Wednesday, March 24, 2010

guest post: you too can make an Alinea dish

Today, my lovely friend Casey shares some tips on how to recreate this gorgeous Alinea pork dish without all (well, most) of the labor-intensive bells and whistles. And gels.

Hi, my name is Casey, and as Lisa mentioned, I'm a bit of a nut in the kitchen. Some people unwind with a bottle of wine and the second season of Mad Men on Netflix; I do it with a bottle of wine and an overly complex recipe for grapefruit-caramel pie. To each her own.

And as promised, I'm using my terrier-like tenacity in the kitchen to adapt the pork dish I served Lisa and Dan for the Dinner Party faithful. The flavor profiles in the Alinea cookbook, once you get past the gels and powders, can easily be streamlined without losing their punch. It helps to make the recipes through once, but anyone who loves to read cookbooks will find some brilliant inspiration in this one.

A few notes: I always brine my pork tenderloins and chops the day before I plan to roast or grill them. For lean cuts like these, the brine makes an incredible difference in the texture and taste of the meat. You'll get all the sous-vide succulence without shelling out $450 for an immersion circulator (or staring at a pot of water to keep it at exactly 135˚).

Grant (can I call him Grant? I feel like I know him pretty well at this point) serves his pork with a "sage pudding" that is closer in consistency to pureed Jell-O—the look and texture freaked us all out at dinner, but the extra hint of sage in the dish brought an unexpected depth of flavor. Definitely a reminder to go into these meals with an open mind and palate.

Grant's recipe also calls for braising a pork shoulder, then deep-frying a small portion of the shredded, cooked meat to add a salty crunchy topping to the plate. While I was happy for an excuse to make my favorite pork-simmered tomato sauce with the shoulder, I don't think it's absolutely necessary for our version of the dish.

You can approximate both the flavor of sage and the crispy texture by frying a few sage leaves and adding as garnish.

Roasted pork with fennel, sage, and grapefruit
(Serves 4)

1 pork tenderloin, trimmed of silverskin
1 bag of brine (see below)
1 small fennel bulb, fronds removed and bulb chopped into 4 inch-thick slices
1/2 stick butter
1 small bunch sage, about 20 leaves
Canola oil
1 grapefruit

Cornbread to serve on the side, if you feel like it

2 quarts (8 cups) water
1/4 cup kosher salt
2 Tbsp. black peppercorns
1/3 cup sugar
1 bay leaf
6 garlic cloves, peeled and smashed

Bring all ingredients to a boil in a stockpot, stirring occasionally to dissolve the salt and sugar, and simmer for 15 minutes. Transfer brine to a large bowl and cool to room temperature before pouring into a large Ziploc bag and placing in the fridge. Make sure the brine is completely cold before adding the pork. Brine the pork in the fridge overnight (up to 18 hours).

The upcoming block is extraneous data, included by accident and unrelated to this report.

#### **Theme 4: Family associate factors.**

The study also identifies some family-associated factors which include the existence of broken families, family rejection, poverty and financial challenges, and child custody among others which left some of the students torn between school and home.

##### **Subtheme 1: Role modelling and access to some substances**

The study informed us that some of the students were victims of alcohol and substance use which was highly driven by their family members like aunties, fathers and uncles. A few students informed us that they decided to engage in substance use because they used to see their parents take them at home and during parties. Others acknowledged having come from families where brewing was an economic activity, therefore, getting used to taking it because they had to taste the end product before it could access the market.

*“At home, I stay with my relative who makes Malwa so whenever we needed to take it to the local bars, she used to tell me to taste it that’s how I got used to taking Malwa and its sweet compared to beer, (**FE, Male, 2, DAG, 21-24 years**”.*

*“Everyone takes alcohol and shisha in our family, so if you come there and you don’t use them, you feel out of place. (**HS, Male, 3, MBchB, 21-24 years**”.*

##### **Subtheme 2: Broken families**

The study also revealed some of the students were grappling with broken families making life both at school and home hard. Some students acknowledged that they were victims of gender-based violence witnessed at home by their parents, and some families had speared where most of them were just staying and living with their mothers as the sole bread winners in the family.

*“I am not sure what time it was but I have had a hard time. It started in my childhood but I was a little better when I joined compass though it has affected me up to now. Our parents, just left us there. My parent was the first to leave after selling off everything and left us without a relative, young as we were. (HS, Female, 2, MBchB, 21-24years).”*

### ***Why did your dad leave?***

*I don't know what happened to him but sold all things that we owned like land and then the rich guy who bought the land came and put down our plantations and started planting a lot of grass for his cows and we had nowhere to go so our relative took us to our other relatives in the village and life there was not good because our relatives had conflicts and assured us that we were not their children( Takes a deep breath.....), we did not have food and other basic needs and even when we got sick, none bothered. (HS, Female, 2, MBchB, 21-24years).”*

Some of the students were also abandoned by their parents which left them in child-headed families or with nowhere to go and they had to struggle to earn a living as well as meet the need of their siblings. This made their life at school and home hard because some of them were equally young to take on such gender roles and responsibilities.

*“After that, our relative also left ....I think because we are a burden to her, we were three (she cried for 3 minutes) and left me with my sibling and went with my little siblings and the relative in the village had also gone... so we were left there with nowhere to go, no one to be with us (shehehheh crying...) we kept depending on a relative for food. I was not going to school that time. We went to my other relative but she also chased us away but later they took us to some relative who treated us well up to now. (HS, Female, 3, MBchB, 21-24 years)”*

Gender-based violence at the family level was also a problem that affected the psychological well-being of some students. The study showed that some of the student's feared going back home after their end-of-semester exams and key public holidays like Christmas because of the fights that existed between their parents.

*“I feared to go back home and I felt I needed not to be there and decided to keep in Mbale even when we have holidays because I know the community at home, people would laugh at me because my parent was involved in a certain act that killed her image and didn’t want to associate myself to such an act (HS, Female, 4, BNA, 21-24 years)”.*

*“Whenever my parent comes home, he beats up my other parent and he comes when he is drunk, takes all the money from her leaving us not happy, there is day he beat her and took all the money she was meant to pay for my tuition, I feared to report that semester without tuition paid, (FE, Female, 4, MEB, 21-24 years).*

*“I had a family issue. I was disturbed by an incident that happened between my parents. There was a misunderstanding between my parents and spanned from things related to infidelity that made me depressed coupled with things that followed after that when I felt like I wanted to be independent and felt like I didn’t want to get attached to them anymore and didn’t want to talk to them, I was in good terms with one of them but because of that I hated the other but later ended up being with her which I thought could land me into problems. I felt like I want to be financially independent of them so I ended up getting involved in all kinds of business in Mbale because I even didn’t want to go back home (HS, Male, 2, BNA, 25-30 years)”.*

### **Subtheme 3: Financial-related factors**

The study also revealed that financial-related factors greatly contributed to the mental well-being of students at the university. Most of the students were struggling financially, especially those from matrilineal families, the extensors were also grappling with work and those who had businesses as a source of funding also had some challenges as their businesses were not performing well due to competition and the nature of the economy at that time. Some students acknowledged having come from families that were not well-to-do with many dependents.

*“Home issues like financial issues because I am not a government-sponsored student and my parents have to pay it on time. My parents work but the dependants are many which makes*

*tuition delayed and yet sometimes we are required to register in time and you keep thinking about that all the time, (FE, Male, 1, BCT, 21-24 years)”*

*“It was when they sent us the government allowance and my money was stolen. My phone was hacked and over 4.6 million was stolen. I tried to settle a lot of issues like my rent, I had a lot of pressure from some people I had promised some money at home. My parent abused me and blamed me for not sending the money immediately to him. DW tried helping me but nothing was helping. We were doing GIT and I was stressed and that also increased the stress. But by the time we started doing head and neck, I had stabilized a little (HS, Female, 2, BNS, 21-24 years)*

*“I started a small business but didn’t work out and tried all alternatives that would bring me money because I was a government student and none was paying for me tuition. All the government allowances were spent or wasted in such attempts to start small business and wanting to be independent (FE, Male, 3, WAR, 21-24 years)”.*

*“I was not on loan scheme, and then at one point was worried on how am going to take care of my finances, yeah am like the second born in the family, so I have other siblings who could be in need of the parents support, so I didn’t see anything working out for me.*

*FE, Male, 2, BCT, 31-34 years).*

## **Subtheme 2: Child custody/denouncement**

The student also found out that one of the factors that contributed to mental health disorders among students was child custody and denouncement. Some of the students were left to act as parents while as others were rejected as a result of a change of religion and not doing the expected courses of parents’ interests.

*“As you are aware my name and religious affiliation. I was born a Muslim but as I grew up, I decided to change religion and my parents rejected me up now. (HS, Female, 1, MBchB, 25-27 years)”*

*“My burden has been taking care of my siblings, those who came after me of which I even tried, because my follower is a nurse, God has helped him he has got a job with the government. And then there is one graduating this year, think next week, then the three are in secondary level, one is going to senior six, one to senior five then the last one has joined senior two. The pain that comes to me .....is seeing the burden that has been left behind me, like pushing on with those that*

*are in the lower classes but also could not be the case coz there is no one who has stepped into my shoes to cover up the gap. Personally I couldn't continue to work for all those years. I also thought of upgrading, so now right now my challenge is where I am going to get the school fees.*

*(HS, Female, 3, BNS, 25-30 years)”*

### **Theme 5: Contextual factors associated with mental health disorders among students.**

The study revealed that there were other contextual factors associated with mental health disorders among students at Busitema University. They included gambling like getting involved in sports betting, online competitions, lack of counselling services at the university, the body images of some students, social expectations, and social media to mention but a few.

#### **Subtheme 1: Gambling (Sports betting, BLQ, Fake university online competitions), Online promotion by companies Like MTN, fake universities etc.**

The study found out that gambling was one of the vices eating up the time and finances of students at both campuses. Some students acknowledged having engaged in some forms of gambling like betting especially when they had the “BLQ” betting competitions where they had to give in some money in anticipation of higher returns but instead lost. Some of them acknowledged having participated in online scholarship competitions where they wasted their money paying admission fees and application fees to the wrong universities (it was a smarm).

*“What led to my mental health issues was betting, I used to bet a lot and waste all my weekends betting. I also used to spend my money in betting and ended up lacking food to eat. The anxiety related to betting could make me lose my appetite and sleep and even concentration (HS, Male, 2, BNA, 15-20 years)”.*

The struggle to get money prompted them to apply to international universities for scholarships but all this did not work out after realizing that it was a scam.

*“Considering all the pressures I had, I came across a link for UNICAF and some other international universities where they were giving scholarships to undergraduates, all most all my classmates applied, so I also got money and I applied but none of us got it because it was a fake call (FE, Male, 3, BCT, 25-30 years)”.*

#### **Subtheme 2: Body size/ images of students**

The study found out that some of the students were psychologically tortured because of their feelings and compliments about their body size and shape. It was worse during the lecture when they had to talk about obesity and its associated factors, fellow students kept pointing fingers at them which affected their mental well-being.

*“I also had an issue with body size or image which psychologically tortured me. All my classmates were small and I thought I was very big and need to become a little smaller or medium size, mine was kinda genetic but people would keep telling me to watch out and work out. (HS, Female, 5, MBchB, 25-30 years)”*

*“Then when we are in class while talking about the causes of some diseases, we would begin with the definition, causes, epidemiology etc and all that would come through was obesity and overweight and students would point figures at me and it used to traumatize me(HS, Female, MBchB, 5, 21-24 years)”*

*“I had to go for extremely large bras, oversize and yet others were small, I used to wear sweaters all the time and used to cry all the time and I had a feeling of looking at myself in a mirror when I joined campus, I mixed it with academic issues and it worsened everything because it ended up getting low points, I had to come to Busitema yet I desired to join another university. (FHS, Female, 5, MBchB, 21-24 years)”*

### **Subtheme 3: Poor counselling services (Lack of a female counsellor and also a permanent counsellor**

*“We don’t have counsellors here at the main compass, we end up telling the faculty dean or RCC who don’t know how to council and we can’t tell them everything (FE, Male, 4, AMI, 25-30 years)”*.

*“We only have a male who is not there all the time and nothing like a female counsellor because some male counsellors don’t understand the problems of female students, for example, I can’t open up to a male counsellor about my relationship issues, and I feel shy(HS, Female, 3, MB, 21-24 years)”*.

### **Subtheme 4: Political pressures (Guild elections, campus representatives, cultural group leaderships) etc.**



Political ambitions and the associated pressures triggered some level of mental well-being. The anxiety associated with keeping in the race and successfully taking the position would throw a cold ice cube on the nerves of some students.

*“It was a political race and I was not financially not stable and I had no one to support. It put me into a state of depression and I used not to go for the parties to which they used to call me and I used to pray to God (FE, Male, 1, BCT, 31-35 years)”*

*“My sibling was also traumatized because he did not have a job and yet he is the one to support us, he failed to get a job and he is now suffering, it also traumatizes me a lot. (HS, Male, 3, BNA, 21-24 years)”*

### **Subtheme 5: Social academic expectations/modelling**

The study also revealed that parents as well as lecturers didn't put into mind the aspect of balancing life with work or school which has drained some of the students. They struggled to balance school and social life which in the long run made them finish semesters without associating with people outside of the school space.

The next day, remove the pork from the brine, pat dry, and let sit on your counter an hour before you plan to roast it so the meat can return to room temperature. Peel and segment your grapefruit, removing all the white pith from four of the segments. (You'll plate with these; the rest of the grapefruit can be eaten now to protect you from scurvy.)

Preheat your oven to 450˚.

In a large oven-safe skillet, heat 1 tbsp canola oil until shimmering over medium-high heat and sear the pork on all sides to brown the meat. Transfer the pork to the oven and roast for 12-15 minutes, or until the interior temperature reaches 140˚. (If you don't have a meat thermometer, for god's sake, what are you waiting for?)

While the pork is roasting, in a separate skillet, melt the butter over low heat. Add the fennel slices and cook for 10 minutes without turning or moving them in the pan until the slices are deeply caramelized. Transfer the fennel to a paper-towel lined plate to drain.

When the pork reaches 140˚, remove from the oven, cover the meat, and let rest for 8-10 minutes.

While the pork is resting, heat 1/2 cup canola oil in a small high-sided pot over medium-high heat, and deep-fry the sage leaves for about a minute. Transfer to the paper-towel lined plate with the fennel.

To plate, cut the pork into 1-inch slices and place 3-4 in the center of each plate. Surround the pork with fennel slices (break each one apart with your hand into long segments) and pieces of grapefruit. Drizzle each plate lightly with honey, and coarsely crumble the fried sage leaves on top.

And if you really want to know how to make gray sage pudding, I'll fill you in.


Daniel said...

People might be interested to know that in the original Alinea conception of the dish the cornbread is a pudding also. Intriguing, but in combination with the sage pudding, I think that might have been one too many weird semi-solids on one plate. Good call as always, Casey!

Lisa said...

Daniel: Agreed. Cornbread pudding would have been one too many mushy substances.


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